Type II diabetes affects over 29 million people in the United States, yet the hindered insulin secretion pathway is not clearly understood. Now, recent research in the laboratories of Karin Reinisch and Pietro De Camilli at Yale University have provided insight into this biochemical mechanism.
Insulin secretion occurs in two phases and is regulated by oscillations in the concentration of calcium ions inside the cell. A lipid transport protein, TMEM24, is a key player in the mechanism of insulin secretion. TMEM24 is an endoplasmic reticulum (ER) protein that is concentrated at contact sites between the ER and the plasma membrane. Its binding to the plasma membrane is regulated by the concentration of calcium ions in the cytosol. An increase in calcium ions results in activation of the TMEM24 protein, causing it to depart from the plasma membrane. When concentrations of calcium decrease, the protein is de-activated, resulting in binding to the membrane.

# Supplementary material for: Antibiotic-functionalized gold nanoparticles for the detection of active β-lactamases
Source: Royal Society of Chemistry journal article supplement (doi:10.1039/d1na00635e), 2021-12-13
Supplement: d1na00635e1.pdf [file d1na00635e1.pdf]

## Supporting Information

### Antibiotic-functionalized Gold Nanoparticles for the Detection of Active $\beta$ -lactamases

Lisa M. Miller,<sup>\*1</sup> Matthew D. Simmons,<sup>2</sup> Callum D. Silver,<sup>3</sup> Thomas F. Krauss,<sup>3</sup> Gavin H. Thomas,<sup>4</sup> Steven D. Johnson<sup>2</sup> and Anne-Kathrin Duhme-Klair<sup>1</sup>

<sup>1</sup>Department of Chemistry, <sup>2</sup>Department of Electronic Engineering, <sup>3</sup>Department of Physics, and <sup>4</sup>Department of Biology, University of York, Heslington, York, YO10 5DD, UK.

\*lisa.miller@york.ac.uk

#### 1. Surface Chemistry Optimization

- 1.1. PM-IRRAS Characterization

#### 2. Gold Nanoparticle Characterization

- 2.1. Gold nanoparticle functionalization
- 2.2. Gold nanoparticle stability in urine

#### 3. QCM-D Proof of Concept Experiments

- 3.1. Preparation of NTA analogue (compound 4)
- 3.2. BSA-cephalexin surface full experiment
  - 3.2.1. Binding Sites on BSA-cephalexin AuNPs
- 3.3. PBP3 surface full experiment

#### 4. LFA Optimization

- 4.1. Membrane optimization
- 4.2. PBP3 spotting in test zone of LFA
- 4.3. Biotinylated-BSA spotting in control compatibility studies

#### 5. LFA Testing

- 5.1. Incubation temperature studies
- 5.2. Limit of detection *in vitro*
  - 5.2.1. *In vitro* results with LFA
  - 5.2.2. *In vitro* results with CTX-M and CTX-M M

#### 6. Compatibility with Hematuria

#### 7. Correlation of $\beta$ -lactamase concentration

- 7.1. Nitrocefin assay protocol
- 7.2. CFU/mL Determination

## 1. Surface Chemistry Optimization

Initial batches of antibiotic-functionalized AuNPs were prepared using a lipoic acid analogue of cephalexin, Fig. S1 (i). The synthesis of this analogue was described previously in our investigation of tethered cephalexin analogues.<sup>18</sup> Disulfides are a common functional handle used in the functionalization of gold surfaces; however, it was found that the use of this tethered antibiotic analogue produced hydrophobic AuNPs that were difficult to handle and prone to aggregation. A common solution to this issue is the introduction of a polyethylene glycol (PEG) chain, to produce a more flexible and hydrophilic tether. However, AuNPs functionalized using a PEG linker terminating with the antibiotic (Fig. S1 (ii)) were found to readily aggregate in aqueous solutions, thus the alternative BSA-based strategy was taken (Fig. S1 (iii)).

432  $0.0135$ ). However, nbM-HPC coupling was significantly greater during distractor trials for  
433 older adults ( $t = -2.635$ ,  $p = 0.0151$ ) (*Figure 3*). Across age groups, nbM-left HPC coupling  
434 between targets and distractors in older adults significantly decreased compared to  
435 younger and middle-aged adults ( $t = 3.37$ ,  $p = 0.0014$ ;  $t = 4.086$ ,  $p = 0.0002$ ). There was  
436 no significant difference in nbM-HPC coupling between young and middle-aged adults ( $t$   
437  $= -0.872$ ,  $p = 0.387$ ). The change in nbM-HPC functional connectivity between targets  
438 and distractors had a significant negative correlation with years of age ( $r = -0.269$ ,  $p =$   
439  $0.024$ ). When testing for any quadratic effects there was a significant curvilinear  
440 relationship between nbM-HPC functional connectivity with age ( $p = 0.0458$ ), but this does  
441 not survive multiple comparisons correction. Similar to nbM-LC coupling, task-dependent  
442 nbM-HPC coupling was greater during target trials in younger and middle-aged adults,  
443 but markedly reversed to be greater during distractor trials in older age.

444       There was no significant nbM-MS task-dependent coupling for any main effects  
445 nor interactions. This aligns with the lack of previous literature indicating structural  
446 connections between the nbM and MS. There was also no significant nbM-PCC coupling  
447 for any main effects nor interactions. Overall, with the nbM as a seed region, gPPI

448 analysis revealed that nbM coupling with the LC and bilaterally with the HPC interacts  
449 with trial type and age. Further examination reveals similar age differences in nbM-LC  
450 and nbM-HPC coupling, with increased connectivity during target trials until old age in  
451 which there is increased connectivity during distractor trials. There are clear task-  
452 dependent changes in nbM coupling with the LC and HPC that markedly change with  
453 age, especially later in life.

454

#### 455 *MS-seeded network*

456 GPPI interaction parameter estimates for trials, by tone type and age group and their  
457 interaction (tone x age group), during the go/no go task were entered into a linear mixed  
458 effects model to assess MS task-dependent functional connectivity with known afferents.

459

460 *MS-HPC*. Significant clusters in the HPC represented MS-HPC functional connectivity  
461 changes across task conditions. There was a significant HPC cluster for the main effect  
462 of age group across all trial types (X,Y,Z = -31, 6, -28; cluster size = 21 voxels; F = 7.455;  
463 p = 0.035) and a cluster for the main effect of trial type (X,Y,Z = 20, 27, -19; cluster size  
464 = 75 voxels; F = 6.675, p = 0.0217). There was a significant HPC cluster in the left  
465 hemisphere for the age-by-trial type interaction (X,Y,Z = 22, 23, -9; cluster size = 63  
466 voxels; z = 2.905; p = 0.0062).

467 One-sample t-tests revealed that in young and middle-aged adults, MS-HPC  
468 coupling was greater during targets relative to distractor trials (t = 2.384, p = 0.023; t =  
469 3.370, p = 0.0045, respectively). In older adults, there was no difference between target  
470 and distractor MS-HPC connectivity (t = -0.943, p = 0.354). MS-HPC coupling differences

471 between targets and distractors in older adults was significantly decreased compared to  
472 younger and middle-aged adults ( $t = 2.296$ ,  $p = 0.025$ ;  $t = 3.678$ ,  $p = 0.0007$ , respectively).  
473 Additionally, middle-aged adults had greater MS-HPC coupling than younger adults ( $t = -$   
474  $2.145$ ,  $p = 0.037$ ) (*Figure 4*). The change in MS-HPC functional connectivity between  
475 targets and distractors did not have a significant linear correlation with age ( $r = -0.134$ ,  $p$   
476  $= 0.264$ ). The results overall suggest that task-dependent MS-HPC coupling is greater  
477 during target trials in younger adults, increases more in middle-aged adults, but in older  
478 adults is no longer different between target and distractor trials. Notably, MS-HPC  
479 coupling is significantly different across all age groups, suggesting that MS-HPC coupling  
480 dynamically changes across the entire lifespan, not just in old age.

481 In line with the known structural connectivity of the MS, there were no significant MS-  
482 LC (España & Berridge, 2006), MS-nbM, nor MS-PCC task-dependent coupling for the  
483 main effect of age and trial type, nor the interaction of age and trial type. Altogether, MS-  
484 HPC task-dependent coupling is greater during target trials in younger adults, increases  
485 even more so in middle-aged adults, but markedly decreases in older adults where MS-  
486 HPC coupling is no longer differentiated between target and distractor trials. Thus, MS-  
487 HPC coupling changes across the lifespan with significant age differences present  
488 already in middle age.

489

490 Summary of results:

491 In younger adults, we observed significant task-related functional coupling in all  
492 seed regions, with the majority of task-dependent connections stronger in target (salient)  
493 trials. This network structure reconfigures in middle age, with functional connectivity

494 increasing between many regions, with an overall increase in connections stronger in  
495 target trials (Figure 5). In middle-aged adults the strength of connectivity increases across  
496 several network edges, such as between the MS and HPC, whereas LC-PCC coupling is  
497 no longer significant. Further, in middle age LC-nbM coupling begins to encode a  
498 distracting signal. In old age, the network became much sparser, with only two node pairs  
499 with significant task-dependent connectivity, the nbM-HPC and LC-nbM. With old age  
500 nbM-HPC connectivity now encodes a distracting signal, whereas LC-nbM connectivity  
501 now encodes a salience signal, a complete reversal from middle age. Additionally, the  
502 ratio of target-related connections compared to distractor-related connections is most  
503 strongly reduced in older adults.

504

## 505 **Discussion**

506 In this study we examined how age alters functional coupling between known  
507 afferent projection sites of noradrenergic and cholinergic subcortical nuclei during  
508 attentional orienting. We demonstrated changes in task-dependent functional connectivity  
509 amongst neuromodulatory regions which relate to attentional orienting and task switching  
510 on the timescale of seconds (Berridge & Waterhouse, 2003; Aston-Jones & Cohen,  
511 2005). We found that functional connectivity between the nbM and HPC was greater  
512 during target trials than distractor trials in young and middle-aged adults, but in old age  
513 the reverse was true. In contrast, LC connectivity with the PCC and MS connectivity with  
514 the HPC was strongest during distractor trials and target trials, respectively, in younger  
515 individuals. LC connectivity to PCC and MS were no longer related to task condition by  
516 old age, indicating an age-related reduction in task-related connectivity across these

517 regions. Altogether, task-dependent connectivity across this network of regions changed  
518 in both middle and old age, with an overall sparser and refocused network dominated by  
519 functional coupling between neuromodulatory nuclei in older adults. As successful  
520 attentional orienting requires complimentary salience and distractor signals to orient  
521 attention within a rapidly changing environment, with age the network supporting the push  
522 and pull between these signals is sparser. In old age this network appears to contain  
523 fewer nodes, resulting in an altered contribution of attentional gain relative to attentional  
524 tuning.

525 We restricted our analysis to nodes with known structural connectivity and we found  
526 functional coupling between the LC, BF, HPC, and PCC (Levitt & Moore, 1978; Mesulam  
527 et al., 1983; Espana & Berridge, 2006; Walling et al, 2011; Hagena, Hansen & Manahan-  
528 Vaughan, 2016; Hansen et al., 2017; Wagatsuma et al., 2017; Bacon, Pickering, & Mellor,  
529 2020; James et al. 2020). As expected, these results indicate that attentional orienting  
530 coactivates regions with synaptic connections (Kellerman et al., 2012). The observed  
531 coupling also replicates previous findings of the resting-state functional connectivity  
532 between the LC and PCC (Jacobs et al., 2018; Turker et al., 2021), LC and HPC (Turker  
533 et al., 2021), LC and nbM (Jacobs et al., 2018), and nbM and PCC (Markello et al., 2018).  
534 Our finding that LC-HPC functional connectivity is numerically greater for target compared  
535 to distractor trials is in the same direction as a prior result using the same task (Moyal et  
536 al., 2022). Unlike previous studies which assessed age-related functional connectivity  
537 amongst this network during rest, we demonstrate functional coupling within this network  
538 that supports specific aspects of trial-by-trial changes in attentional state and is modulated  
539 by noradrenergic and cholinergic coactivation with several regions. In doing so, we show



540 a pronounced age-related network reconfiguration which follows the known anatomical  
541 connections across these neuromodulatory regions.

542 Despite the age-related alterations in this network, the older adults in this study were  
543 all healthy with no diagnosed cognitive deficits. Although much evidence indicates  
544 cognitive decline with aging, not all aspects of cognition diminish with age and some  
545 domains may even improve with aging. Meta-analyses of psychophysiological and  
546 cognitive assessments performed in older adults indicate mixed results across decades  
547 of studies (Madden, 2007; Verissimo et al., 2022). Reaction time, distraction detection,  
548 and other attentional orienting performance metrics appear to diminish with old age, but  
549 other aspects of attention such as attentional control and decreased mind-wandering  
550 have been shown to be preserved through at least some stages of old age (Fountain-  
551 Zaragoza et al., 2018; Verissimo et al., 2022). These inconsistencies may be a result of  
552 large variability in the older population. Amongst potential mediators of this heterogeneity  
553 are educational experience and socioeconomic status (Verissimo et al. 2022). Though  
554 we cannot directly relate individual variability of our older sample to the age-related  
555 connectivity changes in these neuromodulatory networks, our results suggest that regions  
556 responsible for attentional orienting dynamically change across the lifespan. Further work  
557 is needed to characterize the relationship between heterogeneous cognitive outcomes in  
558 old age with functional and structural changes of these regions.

This lipid transport protein binds to a lipid called phosphatidylinositol (PI), the precursor to another lipid. TMEM24 transports PI from the ER to the plasma membrane for conversion to this other lipid form. This second form is essential in regulating concentrations of calcium in the cell, which in turn regulates the TMEM24 protein and regulates insulin secretion. Without TMEM24, the concentration of calcium ions does not fluctuate, causing insulin release to be impaired.
Understanding this pathway and how it is impaired in patients with type II diabetes is fundamental to further research in the condition. The research team is excited to expand on this frontier of medical research.